Employers could be forced to pay out billions in backdated holiday pay claims following Employment Tribunal ruling.
In Neal v Freightliner Ltd, the tribunal has held that both compulsory and voluntary overtime pay should be included when calculating holiday pay under the regulations. It follows on the heels of a 2011 ruling in Williams v British Airways where the European Court held that holiday pay should be calculated based on basic pay plus any other payments that were “intrinsically linked” to work, such as overtime.
Now there are worries that the principle could be applied on other variable pay elements such as commission or even bonuses, and the ruling could result in big back pay bills for the retail and hospitality industry and other sectors where overtime is a regular part of the package.
In the meantime, experts are suggesting that employers think about cutting the amount of overtime worked or by changing pay rates for overtime, so as to minimise any future pay-out they may have to make.
And if employers take action now to change the basis for holiday payments, they have the chance to stop the clock for backdated claims, as any claim must be made within three months of the last incorrect payment. If employees are told that this change is on a temporary basis, then if the ruling in the Neal case is overturned on appeal, employers can go back to the old calculation method.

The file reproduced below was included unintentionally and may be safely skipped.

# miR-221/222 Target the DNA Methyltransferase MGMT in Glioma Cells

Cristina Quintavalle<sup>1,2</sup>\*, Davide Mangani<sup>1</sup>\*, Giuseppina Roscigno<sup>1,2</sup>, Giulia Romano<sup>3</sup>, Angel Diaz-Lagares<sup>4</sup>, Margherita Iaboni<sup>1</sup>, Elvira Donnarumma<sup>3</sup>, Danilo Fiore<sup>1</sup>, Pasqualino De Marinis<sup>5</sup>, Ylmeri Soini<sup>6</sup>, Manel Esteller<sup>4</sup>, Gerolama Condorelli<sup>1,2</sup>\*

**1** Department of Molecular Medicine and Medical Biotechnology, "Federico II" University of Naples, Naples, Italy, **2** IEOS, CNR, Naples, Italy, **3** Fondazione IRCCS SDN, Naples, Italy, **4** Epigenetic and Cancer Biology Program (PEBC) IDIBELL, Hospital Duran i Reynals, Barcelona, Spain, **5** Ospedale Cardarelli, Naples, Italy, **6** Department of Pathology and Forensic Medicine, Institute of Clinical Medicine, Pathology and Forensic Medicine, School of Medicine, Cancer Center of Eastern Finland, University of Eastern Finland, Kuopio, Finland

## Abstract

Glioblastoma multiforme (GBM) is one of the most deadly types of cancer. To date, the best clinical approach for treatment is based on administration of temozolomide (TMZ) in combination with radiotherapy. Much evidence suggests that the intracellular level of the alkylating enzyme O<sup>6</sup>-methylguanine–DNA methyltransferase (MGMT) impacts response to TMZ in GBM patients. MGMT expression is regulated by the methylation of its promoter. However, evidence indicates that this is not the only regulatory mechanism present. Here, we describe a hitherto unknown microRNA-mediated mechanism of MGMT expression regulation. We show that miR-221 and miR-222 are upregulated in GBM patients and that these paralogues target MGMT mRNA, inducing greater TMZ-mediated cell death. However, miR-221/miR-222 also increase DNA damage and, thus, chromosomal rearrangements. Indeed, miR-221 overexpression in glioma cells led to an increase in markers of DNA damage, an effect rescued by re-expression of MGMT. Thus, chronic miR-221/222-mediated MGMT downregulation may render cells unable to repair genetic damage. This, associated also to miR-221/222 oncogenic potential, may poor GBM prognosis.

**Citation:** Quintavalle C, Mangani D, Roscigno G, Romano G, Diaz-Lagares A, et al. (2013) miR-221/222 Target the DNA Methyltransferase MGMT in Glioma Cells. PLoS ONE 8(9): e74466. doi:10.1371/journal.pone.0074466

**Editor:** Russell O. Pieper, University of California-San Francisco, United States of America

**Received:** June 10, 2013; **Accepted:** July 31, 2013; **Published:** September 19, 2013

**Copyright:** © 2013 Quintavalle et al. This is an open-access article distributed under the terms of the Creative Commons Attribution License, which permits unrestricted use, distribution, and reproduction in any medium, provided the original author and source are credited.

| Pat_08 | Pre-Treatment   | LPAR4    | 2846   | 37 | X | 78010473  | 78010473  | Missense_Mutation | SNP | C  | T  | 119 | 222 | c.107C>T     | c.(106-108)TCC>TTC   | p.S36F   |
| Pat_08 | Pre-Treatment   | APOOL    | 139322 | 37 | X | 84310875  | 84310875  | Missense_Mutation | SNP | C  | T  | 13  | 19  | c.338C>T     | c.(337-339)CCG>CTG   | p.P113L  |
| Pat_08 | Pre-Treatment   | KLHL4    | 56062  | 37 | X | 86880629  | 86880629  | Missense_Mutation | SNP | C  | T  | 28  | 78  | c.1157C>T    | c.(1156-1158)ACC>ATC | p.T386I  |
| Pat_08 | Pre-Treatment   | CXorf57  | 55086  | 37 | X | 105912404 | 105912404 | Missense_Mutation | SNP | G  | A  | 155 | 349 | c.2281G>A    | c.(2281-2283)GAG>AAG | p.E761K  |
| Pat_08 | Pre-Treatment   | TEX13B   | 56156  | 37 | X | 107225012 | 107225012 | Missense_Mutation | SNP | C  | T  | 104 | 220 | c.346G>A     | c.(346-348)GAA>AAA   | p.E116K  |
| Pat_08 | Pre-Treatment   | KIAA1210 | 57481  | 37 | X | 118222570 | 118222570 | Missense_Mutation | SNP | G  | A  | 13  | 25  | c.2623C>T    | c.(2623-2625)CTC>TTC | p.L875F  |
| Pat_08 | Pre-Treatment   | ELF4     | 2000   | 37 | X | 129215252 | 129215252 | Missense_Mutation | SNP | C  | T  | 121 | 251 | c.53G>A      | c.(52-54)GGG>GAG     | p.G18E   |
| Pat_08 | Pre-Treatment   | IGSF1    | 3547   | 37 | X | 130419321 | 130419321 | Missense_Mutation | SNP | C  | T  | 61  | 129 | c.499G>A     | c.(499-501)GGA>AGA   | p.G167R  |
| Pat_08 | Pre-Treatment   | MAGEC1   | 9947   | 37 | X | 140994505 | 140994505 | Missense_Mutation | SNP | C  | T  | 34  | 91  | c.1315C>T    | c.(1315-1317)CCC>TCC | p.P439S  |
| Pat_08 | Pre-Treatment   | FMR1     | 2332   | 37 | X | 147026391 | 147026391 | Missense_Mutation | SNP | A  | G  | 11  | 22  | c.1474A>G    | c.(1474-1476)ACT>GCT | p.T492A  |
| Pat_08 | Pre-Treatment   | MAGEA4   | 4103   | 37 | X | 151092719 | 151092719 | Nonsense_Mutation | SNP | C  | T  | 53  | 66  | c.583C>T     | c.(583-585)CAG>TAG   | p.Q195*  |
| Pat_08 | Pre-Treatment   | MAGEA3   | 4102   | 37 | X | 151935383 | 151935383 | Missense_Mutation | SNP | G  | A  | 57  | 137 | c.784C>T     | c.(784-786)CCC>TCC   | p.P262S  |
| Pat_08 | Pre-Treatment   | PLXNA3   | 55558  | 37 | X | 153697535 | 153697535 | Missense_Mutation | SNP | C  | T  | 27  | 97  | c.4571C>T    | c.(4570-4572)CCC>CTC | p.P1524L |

Said employment law expert Mark Cornish of Grant Saw Solicitors: “A particular concern is that employees can bring claims backdated to 1998, provided they are brought within three months of the most recent underpayment. Because of rulings like this, John Lewis recently took the decision to pay staff back payments amounting to £40 million having decided that they had been miscalculated for the past seven years. ”
He added: “There is some hope the Neal decision may be overturned on appeal, so employers can wait for that appeal judgement before coming to a decision on introducing any changes, but they need to be alert to the potential impact of this case.”
This is not legal advice; it is intended to provide information of general interest about current legal issues.